NEW YORK — Things keep getting worse for Bank of America.
The nation’s largest bank reported a loss of $9.1billion during the second quarter, partly due to an $8.5 billion settlement with investors. That agreement, reached in June, settled claims that the bank had sold the investors poor-quality mortgage bonds.
The Charlotte, N.C. bank has been hamstrung by litigation and demands from investors who want Bank of America to buy back the bonds that it sold years ago. In the quarter, the bank set aside an additional $1.9 billion to fight litigation bringing the total mortgage-related charges in the second quarter to $20.7 billion. The bank does not disclose the total amount reserved for litigation costs.
The reported loss available to common shareholders was 90 cents per share, wider than the 85 cents a share loss expected by analysts surveyed by FactSet. Excluding charges related to investor settlements, Bank of America Corp. earned $3.7 billion, or 33 cents per share. That compares with net income of $3.1 billion, or 27 cents a share, in the same quarter last year. The bank’s revenue declined 54 percent to $13.2 billion from $29.1 billion in the same period last year.
NEW YORK — Goldman Sachs Group Inc. says it earned $1.05 billion in the second quarter, more than double compared with the same period a year ago.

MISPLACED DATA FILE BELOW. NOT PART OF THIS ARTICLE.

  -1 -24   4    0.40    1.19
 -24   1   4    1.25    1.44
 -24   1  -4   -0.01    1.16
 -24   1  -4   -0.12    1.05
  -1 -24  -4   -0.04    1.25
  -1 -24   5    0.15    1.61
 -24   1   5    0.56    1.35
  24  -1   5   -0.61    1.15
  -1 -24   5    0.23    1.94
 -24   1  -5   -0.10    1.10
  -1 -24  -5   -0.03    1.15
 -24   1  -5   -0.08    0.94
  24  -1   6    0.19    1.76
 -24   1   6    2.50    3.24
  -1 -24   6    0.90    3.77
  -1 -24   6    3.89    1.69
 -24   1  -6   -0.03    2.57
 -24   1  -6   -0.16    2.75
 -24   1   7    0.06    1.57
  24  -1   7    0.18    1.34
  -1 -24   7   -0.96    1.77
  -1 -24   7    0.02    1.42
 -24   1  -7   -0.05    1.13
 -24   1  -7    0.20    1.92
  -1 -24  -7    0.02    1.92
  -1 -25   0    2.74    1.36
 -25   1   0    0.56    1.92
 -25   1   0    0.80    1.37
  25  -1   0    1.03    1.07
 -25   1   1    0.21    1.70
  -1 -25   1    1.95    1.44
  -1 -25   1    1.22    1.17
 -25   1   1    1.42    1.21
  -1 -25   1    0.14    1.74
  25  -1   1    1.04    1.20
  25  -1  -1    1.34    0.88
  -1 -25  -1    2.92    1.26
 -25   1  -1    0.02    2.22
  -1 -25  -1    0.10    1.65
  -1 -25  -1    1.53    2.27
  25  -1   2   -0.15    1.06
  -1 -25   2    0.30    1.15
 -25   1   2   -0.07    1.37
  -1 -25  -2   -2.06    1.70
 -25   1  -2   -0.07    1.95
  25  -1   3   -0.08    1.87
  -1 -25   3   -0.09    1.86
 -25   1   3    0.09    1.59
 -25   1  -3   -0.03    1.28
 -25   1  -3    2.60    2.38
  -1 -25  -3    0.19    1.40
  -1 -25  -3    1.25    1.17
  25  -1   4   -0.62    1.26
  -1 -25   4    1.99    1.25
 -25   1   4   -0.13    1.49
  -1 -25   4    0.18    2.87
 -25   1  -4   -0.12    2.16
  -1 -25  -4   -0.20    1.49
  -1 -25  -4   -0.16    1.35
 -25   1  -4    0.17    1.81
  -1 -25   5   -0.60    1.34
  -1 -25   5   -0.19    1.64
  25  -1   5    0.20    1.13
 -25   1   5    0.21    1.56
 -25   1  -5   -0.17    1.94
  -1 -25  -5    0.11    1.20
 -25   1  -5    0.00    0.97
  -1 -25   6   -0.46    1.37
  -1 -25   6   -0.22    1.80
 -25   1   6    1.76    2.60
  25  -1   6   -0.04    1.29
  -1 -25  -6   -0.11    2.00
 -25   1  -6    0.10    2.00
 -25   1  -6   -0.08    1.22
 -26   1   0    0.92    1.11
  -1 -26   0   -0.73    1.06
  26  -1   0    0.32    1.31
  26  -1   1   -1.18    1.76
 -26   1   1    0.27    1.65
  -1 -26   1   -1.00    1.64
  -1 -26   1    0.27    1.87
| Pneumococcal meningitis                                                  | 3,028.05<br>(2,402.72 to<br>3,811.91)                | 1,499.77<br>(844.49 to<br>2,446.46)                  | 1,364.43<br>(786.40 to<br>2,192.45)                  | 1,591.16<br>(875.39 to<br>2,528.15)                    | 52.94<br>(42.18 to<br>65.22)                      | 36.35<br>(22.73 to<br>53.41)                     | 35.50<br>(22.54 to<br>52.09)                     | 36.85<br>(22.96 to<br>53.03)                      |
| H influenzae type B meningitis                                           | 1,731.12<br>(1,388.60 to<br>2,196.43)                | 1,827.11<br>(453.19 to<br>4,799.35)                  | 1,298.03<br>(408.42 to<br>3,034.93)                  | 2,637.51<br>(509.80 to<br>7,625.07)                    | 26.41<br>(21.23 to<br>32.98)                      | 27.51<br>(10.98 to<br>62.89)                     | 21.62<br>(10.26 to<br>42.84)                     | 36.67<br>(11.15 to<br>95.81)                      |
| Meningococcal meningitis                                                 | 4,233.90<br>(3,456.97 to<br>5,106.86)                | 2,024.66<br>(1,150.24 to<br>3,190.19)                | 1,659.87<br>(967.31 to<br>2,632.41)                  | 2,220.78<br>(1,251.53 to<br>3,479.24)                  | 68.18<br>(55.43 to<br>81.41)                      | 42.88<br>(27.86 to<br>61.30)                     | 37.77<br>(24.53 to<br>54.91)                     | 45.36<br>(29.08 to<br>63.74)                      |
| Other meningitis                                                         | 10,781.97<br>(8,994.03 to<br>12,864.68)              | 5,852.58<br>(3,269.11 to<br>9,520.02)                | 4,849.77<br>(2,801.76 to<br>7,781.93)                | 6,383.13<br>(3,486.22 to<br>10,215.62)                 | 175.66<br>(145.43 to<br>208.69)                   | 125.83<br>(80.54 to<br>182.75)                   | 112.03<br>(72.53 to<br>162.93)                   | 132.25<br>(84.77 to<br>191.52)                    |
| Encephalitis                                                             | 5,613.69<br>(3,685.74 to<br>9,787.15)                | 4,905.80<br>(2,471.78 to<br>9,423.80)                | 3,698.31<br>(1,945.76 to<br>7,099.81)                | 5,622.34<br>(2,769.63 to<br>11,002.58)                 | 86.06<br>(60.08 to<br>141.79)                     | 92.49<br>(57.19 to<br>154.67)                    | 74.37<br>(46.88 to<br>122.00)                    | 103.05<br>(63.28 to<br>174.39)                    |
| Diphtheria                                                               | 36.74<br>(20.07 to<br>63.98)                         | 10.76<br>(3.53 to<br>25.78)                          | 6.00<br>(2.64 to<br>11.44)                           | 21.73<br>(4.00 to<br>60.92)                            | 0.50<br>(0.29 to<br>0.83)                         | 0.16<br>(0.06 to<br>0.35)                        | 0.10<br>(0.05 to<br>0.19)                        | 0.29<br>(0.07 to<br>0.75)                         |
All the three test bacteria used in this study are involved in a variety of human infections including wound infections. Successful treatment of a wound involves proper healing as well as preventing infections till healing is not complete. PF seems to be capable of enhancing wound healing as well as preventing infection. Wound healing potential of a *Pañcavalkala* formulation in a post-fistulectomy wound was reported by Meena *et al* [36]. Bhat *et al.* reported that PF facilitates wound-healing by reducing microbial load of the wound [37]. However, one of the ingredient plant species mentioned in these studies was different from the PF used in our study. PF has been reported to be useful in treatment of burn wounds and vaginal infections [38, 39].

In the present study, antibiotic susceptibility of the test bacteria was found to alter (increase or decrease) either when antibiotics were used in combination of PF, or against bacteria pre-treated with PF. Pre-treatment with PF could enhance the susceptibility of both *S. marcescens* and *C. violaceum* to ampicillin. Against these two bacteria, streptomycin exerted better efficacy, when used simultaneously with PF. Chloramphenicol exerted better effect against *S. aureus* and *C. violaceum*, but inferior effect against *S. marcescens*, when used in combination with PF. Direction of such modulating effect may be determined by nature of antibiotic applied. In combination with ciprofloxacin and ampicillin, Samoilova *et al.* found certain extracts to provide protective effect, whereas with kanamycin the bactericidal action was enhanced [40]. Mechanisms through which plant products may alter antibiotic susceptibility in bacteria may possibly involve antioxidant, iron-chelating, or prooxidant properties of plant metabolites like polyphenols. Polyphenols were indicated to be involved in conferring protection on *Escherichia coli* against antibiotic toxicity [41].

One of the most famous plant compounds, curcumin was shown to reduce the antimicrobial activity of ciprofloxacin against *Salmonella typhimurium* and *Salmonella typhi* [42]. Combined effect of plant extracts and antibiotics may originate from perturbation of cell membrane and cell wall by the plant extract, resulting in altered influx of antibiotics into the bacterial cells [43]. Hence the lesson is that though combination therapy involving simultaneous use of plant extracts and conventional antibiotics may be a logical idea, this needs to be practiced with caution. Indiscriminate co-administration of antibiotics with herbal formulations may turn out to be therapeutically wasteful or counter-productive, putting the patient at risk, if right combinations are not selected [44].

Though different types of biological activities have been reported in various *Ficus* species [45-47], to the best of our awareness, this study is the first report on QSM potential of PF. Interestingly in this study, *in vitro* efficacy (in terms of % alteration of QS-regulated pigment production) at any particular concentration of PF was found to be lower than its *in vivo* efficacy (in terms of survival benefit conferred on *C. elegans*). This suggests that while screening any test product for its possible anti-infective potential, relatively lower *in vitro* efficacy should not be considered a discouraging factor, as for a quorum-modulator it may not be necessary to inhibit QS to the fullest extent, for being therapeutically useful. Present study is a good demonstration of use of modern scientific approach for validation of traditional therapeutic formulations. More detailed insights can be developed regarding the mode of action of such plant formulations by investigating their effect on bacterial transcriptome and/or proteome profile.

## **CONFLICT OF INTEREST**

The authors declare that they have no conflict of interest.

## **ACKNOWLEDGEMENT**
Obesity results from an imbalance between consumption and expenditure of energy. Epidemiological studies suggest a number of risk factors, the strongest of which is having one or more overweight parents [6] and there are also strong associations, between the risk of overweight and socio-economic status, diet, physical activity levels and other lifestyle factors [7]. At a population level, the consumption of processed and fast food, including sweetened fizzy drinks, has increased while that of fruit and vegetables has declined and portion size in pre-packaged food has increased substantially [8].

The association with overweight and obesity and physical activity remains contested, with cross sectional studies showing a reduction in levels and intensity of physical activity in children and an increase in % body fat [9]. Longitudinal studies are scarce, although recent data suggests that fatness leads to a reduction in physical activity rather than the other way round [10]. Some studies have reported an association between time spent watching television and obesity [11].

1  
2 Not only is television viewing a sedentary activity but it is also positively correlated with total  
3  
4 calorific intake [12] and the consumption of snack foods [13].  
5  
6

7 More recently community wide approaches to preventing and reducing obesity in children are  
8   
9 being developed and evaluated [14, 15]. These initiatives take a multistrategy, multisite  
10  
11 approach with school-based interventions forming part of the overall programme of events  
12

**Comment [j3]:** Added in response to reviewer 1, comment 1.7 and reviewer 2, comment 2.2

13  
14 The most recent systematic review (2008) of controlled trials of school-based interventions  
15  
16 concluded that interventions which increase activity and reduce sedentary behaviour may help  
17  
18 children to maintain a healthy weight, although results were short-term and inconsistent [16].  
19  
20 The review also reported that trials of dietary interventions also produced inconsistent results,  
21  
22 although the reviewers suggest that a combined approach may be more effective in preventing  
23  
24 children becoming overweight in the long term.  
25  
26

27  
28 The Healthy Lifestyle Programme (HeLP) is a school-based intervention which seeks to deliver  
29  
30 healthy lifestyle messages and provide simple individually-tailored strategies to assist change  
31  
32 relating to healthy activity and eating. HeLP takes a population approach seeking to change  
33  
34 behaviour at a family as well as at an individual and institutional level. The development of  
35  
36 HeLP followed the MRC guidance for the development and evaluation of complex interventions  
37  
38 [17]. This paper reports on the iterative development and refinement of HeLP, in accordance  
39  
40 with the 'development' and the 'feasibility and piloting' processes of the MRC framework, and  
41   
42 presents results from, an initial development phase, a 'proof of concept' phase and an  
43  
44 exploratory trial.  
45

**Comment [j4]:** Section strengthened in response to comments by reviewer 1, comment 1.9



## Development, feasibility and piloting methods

The results fell short of analysts’ expectations. The investment bank’s stock fell 3 percent in pre-market trading.
The bank cut costs as its revenues fell 18 percent.
Goldman Sachs set aside $3.2 billion for employee pay, 16 percent less than a year ago. Other expenses were down 18 percent, but that was partly because Goldman had to pay a record fine to regulators last year to settle charges that it misled investors about mortgage securities.
NEW YORK — Wells Fargo & Co. says its second-quarter profit rose 30 percent, boosted by a release of reserves set aside to cover souring loans as its customers continued to improve their loan and credit card payments.
The San Francisco bank says its net income rose to $3.73 billion, or 70 cents per share, in the three months ended June 30. Wall Street was expecting 69 cents per share, on average.
Revenue edged down 5 percent to $20.39 billion, just short of analyst estimates for $20.43 billion. Revenue in its largest segment, community banking, fell.
The largest contributor to the quarter’s results came from a $1 billion release from the money set aside to cover uncollected loans and credit card bills, as the amount written off from bad loans dropped.